Newly translated and unabridged in English for the first time, and brilliantly introduced by Judith Thurman, Simone de Beauvoir’s masterpiece weaves together history, philosophy, economics, biology, and a host of other disciplines to analyze the Western notion of “woman” and to explore the power of sexuality.
Sixty years after its initial publication, The Second Sex is still as eye-opening and pertinent as ever. This triumphant and genuinely revolutionary book began as an exceptional woman’s attempt to find out who and what she was. Drawing on extensive interviews with women of every age and station of life, masterfully synthesizing research about women’s bodies and psyches as well as their historic and economic roles, The Second Sex is an encyclopedic and cogently argued document about inequality and enforced “otherness.”
This long-awaited new translation pays particular attention to the existentialist terms and French nuances that may have been misconstrued in the first English edition; restores Beauvoir’s phrasing, rhythms, and tone; and reinstates significant portions of the “Myths” and “History” chapters that were originally cut due to length, including accounts of more than seventy female figures.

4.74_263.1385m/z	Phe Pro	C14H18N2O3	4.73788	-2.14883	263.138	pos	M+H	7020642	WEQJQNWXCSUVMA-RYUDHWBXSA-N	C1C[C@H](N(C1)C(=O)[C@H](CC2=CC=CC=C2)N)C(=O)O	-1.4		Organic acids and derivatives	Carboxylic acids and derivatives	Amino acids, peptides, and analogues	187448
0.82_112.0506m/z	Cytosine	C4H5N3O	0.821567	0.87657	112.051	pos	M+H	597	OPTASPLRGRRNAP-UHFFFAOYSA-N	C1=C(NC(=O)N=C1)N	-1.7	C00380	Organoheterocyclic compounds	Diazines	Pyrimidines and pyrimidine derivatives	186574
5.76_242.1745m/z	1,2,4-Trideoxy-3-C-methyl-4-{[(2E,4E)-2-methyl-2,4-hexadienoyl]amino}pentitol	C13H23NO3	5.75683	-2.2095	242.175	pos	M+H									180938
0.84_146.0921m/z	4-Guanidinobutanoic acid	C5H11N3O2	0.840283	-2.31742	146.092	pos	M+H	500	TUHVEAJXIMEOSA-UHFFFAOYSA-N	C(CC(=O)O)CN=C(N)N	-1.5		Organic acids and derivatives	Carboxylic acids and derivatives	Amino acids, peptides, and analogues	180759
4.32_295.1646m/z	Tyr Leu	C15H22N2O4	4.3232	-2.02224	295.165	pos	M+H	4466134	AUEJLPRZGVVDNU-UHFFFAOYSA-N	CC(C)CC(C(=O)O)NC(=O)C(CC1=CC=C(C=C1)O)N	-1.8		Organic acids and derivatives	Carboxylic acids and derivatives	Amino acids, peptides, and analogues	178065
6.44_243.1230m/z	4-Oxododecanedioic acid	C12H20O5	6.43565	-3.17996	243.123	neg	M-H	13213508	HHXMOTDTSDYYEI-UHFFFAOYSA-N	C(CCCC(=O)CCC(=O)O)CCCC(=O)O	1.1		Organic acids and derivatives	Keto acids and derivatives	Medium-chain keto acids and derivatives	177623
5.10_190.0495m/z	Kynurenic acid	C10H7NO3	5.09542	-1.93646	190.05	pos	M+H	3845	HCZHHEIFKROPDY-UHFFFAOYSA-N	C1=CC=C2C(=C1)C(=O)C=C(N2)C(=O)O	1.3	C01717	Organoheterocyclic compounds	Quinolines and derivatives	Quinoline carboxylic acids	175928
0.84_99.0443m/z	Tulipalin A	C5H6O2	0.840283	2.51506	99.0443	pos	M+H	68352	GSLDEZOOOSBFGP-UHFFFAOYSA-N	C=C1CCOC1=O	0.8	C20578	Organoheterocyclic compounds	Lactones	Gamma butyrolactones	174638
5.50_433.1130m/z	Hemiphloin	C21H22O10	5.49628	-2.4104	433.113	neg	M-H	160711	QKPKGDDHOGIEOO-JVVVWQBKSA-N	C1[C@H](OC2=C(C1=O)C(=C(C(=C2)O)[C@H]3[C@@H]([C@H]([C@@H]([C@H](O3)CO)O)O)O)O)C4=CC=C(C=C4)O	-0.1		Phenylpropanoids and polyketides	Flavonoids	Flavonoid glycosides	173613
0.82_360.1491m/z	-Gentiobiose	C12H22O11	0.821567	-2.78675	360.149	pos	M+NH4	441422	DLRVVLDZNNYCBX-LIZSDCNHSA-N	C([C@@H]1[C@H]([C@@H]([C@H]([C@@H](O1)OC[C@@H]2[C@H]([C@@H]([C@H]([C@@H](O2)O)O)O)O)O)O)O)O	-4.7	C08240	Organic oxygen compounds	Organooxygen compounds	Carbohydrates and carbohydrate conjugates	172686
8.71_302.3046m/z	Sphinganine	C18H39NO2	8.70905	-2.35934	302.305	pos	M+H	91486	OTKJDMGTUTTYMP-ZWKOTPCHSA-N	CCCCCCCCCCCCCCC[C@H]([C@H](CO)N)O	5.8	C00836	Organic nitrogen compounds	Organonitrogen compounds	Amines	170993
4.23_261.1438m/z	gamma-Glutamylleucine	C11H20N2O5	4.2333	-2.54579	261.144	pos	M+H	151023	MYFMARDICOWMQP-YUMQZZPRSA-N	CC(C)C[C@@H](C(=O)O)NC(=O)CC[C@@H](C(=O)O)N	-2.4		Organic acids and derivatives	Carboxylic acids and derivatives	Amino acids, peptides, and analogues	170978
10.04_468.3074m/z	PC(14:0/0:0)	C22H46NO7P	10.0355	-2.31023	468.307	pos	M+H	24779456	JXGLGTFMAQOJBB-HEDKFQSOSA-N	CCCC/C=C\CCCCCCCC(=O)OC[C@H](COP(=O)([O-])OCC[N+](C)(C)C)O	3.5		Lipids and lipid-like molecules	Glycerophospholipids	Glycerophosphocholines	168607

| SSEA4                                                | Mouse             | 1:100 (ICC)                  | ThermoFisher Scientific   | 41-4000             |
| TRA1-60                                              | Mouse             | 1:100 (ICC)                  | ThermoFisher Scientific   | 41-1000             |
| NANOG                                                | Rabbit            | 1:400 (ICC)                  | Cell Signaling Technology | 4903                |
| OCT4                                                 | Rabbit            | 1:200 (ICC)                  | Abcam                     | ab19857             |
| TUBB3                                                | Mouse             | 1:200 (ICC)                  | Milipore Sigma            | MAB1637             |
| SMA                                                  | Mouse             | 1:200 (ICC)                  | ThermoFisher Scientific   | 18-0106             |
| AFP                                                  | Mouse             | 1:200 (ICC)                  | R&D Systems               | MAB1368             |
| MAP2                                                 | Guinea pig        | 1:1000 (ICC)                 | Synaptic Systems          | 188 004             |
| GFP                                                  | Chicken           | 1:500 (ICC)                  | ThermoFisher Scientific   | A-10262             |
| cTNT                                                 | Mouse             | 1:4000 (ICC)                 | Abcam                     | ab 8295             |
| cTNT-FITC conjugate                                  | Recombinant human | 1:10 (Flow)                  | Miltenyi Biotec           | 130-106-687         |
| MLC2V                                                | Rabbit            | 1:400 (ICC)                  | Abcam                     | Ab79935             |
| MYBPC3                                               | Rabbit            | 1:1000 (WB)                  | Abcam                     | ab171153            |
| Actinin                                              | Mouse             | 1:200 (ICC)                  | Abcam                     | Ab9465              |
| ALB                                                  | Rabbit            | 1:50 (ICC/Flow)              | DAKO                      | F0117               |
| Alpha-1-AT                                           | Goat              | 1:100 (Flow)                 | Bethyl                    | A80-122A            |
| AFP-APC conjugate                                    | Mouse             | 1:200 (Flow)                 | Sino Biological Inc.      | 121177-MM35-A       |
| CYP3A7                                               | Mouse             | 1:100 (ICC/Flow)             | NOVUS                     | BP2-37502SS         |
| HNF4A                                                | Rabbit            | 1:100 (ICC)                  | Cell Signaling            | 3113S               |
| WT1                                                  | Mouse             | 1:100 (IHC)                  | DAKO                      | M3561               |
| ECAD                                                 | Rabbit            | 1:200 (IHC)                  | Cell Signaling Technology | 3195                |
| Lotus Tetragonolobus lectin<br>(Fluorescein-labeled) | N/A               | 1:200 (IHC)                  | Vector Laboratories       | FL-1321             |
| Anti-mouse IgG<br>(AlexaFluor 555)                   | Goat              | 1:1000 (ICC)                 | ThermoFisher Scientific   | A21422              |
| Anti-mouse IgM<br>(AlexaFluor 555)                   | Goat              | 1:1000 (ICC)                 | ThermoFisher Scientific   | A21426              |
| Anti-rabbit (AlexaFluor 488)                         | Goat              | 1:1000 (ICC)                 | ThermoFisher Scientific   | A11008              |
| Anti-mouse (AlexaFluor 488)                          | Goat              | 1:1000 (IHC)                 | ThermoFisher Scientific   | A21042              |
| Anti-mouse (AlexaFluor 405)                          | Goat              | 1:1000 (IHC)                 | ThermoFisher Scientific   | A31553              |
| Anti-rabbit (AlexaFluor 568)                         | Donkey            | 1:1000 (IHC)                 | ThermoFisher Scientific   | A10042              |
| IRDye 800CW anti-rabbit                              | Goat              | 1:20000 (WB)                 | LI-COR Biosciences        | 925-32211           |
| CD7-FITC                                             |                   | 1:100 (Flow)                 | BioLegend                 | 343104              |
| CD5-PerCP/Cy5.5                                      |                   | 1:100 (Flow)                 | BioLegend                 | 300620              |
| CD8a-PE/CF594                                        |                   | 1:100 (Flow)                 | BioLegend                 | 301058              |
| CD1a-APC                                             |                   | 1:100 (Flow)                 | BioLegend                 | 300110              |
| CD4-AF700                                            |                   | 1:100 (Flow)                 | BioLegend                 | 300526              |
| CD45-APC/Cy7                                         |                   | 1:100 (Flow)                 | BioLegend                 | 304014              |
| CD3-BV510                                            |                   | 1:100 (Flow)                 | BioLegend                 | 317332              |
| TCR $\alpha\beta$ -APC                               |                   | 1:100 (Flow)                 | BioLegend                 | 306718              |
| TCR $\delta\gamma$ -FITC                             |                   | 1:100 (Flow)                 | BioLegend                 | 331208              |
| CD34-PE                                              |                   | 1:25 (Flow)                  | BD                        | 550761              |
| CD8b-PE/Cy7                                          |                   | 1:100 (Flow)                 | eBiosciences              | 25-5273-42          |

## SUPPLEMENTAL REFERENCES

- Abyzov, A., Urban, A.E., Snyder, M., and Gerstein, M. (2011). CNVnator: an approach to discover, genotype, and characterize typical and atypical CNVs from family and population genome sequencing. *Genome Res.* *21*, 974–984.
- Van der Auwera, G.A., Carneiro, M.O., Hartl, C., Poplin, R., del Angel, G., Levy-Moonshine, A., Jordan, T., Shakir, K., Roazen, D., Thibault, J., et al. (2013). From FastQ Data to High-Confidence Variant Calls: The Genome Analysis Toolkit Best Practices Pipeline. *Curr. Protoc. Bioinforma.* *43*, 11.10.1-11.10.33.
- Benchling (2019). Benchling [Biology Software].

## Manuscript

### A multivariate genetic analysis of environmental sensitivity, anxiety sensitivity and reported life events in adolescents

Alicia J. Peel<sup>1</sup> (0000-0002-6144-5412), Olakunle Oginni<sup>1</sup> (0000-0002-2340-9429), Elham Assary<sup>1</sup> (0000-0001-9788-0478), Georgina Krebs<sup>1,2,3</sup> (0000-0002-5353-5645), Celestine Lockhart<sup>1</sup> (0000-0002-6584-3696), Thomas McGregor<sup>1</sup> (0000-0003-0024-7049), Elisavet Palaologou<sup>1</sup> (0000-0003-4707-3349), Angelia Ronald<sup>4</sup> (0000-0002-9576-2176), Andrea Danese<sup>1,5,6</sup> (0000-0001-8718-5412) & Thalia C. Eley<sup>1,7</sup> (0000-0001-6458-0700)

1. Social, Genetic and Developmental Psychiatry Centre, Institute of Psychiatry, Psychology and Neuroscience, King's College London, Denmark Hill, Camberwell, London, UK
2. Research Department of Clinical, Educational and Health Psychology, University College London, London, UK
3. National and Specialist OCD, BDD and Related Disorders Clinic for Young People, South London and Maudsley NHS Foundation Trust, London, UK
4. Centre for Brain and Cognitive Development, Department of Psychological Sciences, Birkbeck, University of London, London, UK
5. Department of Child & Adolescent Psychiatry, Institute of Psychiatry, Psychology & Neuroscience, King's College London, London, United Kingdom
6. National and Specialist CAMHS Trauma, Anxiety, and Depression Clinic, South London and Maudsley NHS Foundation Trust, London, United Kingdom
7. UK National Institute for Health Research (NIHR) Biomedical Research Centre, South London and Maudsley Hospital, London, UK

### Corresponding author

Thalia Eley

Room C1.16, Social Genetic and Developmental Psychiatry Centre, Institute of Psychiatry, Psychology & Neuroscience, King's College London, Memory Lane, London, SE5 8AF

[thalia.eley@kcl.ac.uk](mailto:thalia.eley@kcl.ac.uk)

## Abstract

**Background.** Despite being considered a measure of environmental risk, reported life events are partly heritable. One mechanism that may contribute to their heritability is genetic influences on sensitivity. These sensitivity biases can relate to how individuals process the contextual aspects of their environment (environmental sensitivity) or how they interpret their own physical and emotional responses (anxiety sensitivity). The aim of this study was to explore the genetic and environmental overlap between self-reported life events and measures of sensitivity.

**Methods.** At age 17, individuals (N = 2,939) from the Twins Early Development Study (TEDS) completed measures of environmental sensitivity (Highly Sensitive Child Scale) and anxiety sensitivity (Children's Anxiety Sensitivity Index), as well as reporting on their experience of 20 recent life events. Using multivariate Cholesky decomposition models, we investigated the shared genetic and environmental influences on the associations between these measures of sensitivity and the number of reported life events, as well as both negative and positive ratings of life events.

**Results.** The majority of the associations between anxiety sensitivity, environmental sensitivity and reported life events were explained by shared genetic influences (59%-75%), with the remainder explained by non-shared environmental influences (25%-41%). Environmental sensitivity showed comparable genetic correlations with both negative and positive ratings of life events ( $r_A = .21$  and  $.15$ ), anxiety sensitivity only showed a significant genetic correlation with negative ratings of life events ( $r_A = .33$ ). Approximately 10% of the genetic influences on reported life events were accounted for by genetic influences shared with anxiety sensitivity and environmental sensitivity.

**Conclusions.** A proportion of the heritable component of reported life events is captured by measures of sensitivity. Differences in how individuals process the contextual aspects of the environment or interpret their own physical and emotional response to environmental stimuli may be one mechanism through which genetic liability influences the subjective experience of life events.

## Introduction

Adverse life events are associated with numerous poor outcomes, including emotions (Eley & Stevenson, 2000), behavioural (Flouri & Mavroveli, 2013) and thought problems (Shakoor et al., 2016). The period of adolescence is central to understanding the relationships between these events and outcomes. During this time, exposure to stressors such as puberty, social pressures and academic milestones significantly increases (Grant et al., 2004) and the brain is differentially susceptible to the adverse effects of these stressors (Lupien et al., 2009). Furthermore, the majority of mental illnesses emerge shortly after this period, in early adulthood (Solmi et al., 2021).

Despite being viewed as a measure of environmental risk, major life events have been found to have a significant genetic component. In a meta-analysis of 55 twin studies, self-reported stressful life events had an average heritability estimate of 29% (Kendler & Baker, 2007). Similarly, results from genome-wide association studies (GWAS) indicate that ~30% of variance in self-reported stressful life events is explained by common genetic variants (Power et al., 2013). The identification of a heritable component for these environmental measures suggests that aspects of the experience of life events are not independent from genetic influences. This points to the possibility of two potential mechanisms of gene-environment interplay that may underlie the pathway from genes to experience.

A vital and life-changing work that has dramatically revised the way women talk and think about themselves, Beauvoir’s magisterial treatise continues to provoke and inspire.
Simone de Beauvoir's The Second Sex is the most important feminist book ever written, and yet English readers have never known precisely what it says. The 1953 English translation of the book by H. M. Parshley, which cemented its international reputation, was an abridged version, with cuts made at the insistence of its American publisher, Alfred Knopf. As feminists often note derisively, Parshley was a zoologist who lacked grounding in the existentialist philosophy that gave de Beauvoir much of her vocabulary. But until now, his translation has been the standard one, and no complete English version of The Second Sex has existed. So the arrival of Constance Borde and Sheila Malovany-Chevallier's new, unedited edition, which comes out just over sixty years after the book's first appearance in France, is an important literary event.